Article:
Incessant Optimism Helps Lawmakers Cope
Rep. Nick Rahall, D-W.Va. , has been in Congress since 1977. He says the polarized atmosphere in the House is the worst it’s been in his entire career. “It’s a different place. The camaraderie is totally different,” he said last week as he and hundreds of other House members milled about the Capitol waiting for something to shake loose on the fiscal cliff negotiations in which they had virtually no role.
Rahall said families of members used to know one another in Washington, and everyone was friendly and respectful to one another. Of course, that was when Democrats had ruled the House for decades. So it shouldn’t be surprising that from Rahall’s perspective, everything changed when Republicans took over the House in 1994 and Speaker Newt Gingrich ushered in a new era of, in Rahall’s words, “viciousness.”
Rahall posited that previous Democratic House Speakers Tip O’Neill and Jim Wright never would have behaved in Newt-fashion. It’s true that the gregarious Gingrich was the first House Speaker in modern times to face off with the president from the opposite political party about budgets with government funding on the brink. That behavior now has become almost standard practice.
So how does Rahall deal with it now? “I just roll with it,” he said. “I have great confidence that understanding and respect will return.”
Optimism from some unknown source seemed to provide House members the solace to keep going as they traipsed from their offices to the House floor and back to vote on post office names or kudos to winning baseball teams. They never got the chance to vote on anything close to a fiscal cliff deal.
Most of the rank-and-file knew nothing about what was going on in the fiscal cliff negotiations except what they read in the papers. Members who would not be returning for the 113thCongress were forced to work out of numbered cubicles, having been evicted from their offices at the end of November.
Rep. Steve LaTourette, R-Ohio, who is retiring and has a reputation for not pulling punches, was one of those lame-duck members wandering around hoping for a deal to materialize. No wonder he referred to the place as an “insane asylum” when House Speaker John Boehner failed to garner enough votes for his “Plan B” tax plan to keep current rates for all but those who made more than $1 million annually.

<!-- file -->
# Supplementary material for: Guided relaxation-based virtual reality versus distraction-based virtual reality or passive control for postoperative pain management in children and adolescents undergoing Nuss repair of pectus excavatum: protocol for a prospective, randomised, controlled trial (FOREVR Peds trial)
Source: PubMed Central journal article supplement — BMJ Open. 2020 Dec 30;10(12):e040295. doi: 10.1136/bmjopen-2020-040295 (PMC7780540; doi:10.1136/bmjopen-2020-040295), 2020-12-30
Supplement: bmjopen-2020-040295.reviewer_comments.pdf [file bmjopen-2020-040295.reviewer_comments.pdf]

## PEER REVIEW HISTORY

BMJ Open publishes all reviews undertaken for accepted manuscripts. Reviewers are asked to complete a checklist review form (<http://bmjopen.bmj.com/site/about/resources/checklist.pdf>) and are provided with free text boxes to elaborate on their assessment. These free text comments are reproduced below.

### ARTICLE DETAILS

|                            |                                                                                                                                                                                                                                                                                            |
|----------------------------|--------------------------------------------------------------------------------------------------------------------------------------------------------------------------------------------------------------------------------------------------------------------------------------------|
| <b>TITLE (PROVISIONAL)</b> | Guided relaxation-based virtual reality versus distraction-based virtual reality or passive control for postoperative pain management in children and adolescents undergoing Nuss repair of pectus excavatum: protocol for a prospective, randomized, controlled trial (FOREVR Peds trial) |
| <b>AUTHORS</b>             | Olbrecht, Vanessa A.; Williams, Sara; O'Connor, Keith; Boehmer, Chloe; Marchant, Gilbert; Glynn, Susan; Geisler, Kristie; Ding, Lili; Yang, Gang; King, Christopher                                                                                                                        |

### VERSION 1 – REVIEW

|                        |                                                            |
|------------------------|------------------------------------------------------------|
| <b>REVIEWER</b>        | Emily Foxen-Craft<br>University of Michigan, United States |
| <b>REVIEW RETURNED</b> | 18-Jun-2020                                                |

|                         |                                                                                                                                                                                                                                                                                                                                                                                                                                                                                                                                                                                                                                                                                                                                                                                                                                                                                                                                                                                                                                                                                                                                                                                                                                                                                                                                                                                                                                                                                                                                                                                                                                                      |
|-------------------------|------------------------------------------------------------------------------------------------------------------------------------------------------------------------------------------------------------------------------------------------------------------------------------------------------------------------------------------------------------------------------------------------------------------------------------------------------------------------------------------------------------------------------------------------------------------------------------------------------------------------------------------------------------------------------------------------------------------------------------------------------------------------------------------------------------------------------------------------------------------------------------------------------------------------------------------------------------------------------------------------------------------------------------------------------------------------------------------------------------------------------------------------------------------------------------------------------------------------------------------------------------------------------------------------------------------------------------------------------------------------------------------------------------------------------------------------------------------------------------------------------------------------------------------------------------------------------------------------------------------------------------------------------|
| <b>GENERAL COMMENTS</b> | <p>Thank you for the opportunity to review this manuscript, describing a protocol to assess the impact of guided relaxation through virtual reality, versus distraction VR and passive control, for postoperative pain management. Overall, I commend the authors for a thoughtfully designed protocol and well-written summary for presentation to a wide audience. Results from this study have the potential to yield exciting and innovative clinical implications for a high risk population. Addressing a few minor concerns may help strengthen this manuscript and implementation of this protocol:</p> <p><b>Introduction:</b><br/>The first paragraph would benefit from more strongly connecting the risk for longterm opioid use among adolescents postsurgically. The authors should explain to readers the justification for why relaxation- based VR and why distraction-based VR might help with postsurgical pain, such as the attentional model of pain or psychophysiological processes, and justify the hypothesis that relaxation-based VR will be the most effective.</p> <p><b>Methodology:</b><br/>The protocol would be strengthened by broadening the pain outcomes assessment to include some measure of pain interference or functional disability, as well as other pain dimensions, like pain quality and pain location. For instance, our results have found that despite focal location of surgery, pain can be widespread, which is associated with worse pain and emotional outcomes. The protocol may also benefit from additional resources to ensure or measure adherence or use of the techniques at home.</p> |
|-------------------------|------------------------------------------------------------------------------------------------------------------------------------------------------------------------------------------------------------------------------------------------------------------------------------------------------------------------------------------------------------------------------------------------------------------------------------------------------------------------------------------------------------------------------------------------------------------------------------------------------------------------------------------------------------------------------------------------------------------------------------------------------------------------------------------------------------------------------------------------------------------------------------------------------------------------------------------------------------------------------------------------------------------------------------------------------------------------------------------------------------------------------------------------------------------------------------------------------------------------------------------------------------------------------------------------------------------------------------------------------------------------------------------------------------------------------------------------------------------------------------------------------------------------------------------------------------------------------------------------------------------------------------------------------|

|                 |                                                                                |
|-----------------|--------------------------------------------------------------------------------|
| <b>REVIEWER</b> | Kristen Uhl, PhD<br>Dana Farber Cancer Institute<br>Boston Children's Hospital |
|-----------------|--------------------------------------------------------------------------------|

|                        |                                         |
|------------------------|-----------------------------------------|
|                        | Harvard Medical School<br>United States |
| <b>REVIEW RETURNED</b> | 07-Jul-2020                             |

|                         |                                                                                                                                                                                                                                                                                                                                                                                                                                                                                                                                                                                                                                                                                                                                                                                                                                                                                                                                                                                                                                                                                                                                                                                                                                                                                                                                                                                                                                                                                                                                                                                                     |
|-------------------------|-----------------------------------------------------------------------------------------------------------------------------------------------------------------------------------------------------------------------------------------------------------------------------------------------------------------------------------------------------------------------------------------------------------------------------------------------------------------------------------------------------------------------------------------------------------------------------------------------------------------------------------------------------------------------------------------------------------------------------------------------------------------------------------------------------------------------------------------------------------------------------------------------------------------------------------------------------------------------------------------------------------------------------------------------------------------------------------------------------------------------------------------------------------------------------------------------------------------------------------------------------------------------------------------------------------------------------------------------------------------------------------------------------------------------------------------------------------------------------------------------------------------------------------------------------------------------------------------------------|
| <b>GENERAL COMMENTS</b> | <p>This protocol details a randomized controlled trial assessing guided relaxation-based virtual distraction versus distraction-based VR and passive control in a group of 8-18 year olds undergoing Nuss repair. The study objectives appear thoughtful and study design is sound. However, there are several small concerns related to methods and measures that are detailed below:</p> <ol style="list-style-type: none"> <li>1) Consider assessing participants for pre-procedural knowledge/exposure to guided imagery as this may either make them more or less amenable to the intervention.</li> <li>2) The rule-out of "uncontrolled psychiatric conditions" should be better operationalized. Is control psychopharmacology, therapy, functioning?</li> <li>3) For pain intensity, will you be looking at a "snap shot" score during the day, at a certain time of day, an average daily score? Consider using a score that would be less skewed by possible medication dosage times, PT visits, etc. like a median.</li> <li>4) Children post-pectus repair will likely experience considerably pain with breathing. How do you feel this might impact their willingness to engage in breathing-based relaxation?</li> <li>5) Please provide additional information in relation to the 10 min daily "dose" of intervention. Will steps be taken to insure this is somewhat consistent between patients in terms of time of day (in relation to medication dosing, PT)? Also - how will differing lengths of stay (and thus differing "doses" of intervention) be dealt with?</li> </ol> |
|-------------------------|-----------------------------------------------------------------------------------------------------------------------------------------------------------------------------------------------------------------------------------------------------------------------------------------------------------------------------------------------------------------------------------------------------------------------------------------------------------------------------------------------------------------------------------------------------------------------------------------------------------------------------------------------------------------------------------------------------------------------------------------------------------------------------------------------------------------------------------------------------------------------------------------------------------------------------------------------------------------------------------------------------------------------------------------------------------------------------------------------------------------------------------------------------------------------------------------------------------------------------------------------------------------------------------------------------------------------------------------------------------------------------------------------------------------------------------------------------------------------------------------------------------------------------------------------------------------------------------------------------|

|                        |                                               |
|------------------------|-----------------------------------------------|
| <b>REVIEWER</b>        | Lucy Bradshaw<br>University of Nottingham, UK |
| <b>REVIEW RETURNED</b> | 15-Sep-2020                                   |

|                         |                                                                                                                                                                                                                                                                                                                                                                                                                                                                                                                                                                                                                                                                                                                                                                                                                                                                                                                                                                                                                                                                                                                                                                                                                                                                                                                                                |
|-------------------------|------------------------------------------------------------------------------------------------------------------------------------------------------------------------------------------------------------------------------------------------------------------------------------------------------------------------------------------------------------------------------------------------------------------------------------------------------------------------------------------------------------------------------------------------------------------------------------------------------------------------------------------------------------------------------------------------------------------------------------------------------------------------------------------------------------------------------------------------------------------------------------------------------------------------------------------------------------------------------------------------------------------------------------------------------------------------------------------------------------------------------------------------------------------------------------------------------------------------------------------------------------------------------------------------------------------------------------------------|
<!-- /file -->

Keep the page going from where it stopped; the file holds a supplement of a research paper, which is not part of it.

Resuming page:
Other members remained surprisingly upbeat. “I go someplace every month for my sanity,” said Rep. Earl Blumenauer, D-Ore., who has been in Congress since 1996 and describes himself as a relentless optimist. He is also an avid cyclist and die-hard advocate for mass transit—the quintessential urban planner and futuristic thinker--with a decidely liberal bent. He blinked questioningly when asked how he handles the inability of lawmakers to get anything done.
“I go to places where I worked in the past, like in Phoenix—the light rail where they thought I was crazy 20 years ago. … They are now completing three light rail lines in Houston,” he said, and then repeated for effect, “Houston!”
“I campaigned with their Democratic [pause] lesbian [pause] mayor [pause] for a 150-mile bike and pedestrian path that passed overwhelmingly,” he added.
Blumenauer used the Houston example to illustrate his view that constituents are way ahead of Congress when it comes to figuring out next steps on public policy. “This is all coming to a head. I think we’ve entered a period, and I don’t know either it’s ten months or ten years from now, but things are fundamentally going to be different,” he predicted.
Blumenauer and other members have a laundry list of things they would like to accomplish, from health care to tax reform to infrastructure investment.
That’s probably why they keep coming back. Rep. Luis Gutierrez, D-Ill., planned on retiring six years ago after a comprehensive immigration bill was enacted. He's still here waiting for the same bill, and he willingly will take on the role of rabble rouser inside the Democratic caucus to keep his colleagues on task.
Rep. Diana DeGette, D-Colo., who is in charge of whipping the freshman Democrats, said she is primed for next year's action--already gathering votes for immigration legislation. “It’s getting better,” she said of the congressional environment. “Have you met the next group [of freshman]? They’re wonderful.”
On to next year. The grass will be greener.